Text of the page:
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Leaning Into Unfair Advantage

Understanding one's personal and professional 'unfair advantage' accelerates growth and satisfaction, yet few do it.

An industry friend of mine noted that the challenges we face in scaling our organizations is often directly tied to how we think about personal and organizational development, and the strategies that one develops as part of that.

One concept I feel many fail to recognize is that of 'unfair advantage.' The very idea of unfair advantage sounds pretty horrible, right?  Sure, in some contexts it may be, but more often than not an unfair advantage, recognized and utilized can create differentiation and accelerate professional growth.

As an individual, an unfair advantage might be a personal skill that is unique to you and might be the reason why one would be selected on a project vs. another individual.

As a business, having an ‘unfair advantage’ becomes even more important as an organization scales.  If an organization doesn’t have an area in which it excels, it’s largely a commodity business waiting to be disrupted.  It is really important that one know what their unfair advantages are, so that they can take advantage of and leverage them.  On an individual basis this can tie to one’s personal brand.  At a company, it needs to be a core part of long-term strategy.

Many organizations and individuals will have 'unfair advantages' that shift over time. When I think about my past role at Credit Karma, I saw an organization that evolved its unfair advantage:

Early Stage:  In the early stage, Credit Karma's 'unfair advantage' was that it was relatively small and unknown, allowing it to license data from credit bureaus and develop a business model that competed directly with many in the space.

Mid Stage:  Soon, the company found a value prop <-> messaging <-> mass channel formula that allowed it to become synonymous with the idea of 'credit score' and created a moat in that competitor response rates couldn't break through the saturation Credit Karma had in market

Later Stage:  Data asset.  At 100M+ members, Credit Karma now has the ability to develop models enabling them to develop personalized strategies that help members make financial progress. Very very few organizations have such rich data and permission to use it to make recommendations that help members. That scale now reinforces the moat.

Organizations today have unfair advantages. I work with an organization with flawless, fast-paced execution as its unfair advantage. Their strategy isn't particularly novel - in fact, they play in a relatively commodity space with competitor 'investor day' decks articulating their multi-year strategy.  This organization is largely playing a variant of competitor strategies but executing at a far greater pace, stealing share. That said, the company hammers its values with all employees.  They have lock-step alignment around what needs to get done, and by when. Everyone moves quickly.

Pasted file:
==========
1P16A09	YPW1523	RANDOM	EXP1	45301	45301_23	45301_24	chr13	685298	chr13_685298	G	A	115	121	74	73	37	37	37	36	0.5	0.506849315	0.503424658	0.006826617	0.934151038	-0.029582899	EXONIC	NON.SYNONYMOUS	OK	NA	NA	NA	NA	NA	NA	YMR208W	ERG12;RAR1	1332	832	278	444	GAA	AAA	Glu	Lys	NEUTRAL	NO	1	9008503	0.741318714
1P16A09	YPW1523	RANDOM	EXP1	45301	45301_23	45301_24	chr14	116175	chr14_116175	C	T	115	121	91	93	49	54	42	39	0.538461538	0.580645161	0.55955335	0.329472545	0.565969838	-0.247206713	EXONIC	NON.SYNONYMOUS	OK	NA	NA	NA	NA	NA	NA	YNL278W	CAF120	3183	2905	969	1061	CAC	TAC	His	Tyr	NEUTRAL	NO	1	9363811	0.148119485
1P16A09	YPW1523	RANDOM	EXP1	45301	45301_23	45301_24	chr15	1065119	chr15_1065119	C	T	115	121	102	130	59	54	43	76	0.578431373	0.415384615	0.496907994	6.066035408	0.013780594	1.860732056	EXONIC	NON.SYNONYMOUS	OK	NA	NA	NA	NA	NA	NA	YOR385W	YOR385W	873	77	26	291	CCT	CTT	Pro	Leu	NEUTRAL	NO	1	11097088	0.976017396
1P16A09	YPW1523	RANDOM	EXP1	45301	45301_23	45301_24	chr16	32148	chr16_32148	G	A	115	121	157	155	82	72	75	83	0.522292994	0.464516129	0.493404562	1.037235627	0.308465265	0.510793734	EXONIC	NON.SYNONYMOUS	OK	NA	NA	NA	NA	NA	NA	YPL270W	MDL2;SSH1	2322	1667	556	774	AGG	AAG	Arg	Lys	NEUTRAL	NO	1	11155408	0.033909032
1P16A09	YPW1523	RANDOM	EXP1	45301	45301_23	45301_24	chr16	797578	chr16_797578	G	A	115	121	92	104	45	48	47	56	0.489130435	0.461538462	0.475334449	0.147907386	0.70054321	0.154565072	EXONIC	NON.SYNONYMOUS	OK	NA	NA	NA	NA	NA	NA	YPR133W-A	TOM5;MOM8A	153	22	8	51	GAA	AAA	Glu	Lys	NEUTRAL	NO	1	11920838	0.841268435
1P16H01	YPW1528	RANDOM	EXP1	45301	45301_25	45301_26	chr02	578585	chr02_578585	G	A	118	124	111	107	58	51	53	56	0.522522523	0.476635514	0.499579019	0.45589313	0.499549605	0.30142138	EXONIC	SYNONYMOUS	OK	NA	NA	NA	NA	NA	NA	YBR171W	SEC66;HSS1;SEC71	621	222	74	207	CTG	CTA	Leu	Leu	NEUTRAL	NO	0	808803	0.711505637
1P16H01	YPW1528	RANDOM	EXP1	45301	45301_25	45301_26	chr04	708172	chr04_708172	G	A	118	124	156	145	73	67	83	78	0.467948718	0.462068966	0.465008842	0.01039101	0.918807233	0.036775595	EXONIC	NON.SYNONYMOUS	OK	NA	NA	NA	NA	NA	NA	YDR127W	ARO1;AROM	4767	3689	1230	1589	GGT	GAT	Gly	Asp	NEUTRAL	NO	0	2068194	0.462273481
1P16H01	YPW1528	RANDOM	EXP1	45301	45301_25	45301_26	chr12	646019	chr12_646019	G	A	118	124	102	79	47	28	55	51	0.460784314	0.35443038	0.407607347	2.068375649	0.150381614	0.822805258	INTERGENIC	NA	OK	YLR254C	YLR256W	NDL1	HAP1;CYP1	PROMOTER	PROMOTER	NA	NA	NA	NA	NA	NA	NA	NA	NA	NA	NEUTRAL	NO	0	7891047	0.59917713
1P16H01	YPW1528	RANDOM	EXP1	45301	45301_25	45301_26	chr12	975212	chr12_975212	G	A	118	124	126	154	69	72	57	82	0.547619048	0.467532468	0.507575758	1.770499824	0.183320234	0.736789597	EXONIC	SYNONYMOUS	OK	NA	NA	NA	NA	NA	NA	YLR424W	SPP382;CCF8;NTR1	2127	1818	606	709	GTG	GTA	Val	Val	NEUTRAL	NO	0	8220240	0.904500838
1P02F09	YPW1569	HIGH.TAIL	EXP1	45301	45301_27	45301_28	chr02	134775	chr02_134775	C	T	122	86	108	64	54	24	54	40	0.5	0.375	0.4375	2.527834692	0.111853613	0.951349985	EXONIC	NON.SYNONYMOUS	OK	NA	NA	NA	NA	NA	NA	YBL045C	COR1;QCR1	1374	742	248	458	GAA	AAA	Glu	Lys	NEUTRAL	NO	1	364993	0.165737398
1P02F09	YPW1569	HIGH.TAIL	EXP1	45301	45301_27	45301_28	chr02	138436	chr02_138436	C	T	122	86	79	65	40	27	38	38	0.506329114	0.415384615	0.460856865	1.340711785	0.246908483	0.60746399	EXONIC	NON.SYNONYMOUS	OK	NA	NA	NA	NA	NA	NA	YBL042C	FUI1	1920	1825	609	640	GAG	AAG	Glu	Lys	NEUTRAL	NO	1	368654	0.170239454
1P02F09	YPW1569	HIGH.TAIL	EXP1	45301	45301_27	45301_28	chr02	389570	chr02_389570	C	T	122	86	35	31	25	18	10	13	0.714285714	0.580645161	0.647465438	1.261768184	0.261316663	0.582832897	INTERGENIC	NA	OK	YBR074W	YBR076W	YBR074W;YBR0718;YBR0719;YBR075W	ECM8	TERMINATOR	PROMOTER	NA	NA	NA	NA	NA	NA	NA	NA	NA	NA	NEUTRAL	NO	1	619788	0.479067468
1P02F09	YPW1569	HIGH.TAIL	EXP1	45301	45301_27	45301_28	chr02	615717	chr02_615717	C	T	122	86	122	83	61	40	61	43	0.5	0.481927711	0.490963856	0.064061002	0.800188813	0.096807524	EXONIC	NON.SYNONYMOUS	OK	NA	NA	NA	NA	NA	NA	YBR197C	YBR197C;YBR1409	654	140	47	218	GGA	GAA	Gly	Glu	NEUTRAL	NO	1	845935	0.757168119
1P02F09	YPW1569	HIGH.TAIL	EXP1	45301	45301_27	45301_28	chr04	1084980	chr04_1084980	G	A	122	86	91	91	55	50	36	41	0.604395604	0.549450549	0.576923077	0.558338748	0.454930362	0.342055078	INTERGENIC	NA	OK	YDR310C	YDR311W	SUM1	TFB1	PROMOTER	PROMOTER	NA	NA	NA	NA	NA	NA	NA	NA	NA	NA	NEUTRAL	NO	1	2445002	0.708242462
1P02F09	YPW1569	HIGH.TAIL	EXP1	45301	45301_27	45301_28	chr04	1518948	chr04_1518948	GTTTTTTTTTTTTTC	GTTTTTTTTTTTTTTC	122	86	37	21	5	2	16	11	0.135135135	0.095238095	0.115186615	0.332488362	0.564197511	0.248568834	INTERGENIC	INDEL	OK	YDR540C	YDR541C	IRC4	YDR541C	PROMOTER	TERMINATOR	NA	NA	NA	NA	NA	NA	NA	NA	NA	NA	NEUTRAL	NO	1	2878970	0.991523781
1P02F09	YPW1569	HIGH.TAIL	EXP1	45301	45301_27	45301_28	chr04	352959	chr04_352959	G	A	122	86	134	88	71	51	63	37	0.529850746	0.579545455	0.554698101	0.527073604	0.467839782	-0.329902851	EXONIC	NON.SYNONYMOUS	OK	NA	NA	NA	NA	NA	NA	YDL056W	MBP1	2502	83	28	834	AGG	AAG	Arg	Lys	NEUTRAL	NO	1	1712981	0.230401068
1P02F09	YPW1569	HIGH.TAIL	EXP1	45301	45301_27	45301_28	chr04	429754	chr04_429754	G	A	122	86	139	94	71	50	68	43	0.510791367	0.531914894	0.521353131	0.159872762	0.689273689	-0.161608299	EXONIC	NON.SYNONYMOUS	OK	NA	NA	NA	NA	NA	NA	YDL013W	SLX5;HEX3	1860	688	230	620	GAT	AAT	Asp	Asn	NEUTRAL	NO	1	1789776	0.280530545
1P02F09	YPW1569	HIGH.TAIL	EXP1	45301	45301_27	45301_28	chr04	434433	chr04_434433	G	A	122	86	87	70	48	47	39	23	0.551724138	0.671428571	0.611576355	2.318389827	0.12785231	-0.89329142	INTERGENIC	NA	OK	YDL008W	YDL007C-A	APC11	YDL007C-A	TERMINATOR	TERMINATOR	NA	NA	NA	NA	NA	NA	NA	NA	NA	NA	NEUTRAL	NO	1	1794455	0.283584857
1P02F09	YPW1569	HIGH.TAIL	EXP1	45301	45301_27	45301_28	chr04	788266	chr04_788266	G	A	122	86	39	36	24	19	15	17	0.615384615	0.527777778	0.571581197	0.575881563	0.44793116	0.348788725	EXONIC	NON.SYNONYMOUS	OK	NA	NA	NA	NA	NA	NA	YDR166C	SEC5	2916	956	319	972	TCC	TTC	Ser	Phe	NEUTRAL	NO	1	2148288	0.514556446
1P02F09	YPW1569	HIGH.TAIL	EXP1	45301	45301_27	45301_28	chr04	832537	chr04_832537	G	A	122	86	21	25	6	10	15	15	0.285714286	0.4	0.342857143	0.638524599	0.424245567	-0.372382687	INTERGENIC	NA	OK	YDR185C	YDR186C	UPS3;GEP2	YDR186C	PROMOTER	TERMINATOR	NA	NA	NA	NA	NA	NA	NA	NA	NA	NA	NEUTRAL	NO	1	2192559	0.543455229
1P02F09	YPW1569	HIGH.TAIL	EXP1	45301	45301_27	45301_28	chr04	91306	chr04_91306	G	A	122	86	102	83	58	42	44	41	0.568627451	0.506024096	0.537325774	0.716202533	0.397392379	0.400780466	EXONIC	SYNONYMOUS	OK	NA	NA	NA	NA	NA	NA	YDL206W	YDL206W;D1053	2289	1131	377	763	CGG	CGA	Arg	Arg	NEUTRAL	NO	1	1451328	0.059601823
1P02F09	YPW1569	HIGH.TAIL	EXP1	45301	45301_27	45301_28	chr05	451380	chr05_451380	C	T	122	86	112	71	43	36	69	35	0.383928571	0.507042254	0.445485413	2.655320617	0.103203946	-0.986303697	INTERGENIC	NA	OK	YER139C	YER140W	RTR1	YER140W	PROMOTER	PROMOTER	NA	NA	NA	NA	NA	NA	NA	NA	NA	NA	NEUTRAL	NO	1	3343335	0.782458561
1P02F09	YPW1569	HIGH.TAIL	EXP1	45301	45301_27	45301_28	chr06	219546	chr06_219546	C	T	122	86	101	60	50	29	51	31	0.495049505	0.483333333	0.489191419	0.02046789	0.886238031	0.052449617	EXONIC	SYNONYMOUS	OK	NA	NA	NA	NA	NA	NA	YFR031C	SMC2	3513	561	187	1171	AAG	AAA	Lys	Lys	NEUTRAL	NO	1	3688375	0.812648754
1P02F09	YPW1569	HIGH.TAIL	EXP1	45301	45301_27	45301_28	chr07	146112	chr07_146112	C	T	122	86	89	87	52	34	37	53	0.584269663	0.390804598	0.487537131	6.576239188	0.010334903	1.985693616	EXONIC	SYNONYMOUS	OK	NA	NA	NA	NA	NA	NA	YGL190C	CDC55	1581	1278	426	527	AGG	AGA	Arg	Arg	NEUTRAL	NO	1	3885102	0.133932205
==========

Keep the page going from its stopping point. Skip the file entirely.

Netflix's early unfair advantage was its culture. The infamous culture deck managed expectations clearly and allowed teams to take ownership, experiment and move far more quickly than others. While this culture likely persists today, they've certainly evolved their unfair advantage.

When it comes to personal unfair advantage, too often individuals try to be perfect at everything, or feel they must be capable of 'doing it all.'  In reality, the most successful lean into their unique hard-to-replicate strengths, delegating parts of their job they're not as effective or passionate about.

Once, in working with a career coach, a colleague noted they lacked the 'steely executive presence' most in the C suite at the company had. They feared that their informal, joking, 'family like' team style would prevent them from success. In reality, they failed to recognize that their ability to develop a family-like team culture where all were on the same page and anyone would go out of their way to help others was their unfair advantage!  

Their team was one of the most successful in the organization as a result of this. Instead of guiding the colleague on their 'executive presence' their coach rightfully advised they lean into this strength and use it to further scale.

I encourage you to think about your personal ‘unfair advantage.’  It’s not always obvious.  What makes you different and special?  What gives you a leg up?  Once you know that, think about how you can amplify it. Then, delegate the parts of the job where you are less successful or passionate.  You'll be happier and more successful as a result.

About the Author

Mark Fiske

Operating Partner focused on digital & marketing strategies at H.I.G. Growth Partners. Helping growth-stage organizations scale for 15+ years. Focused on developing pragmatic, scalable solutions.

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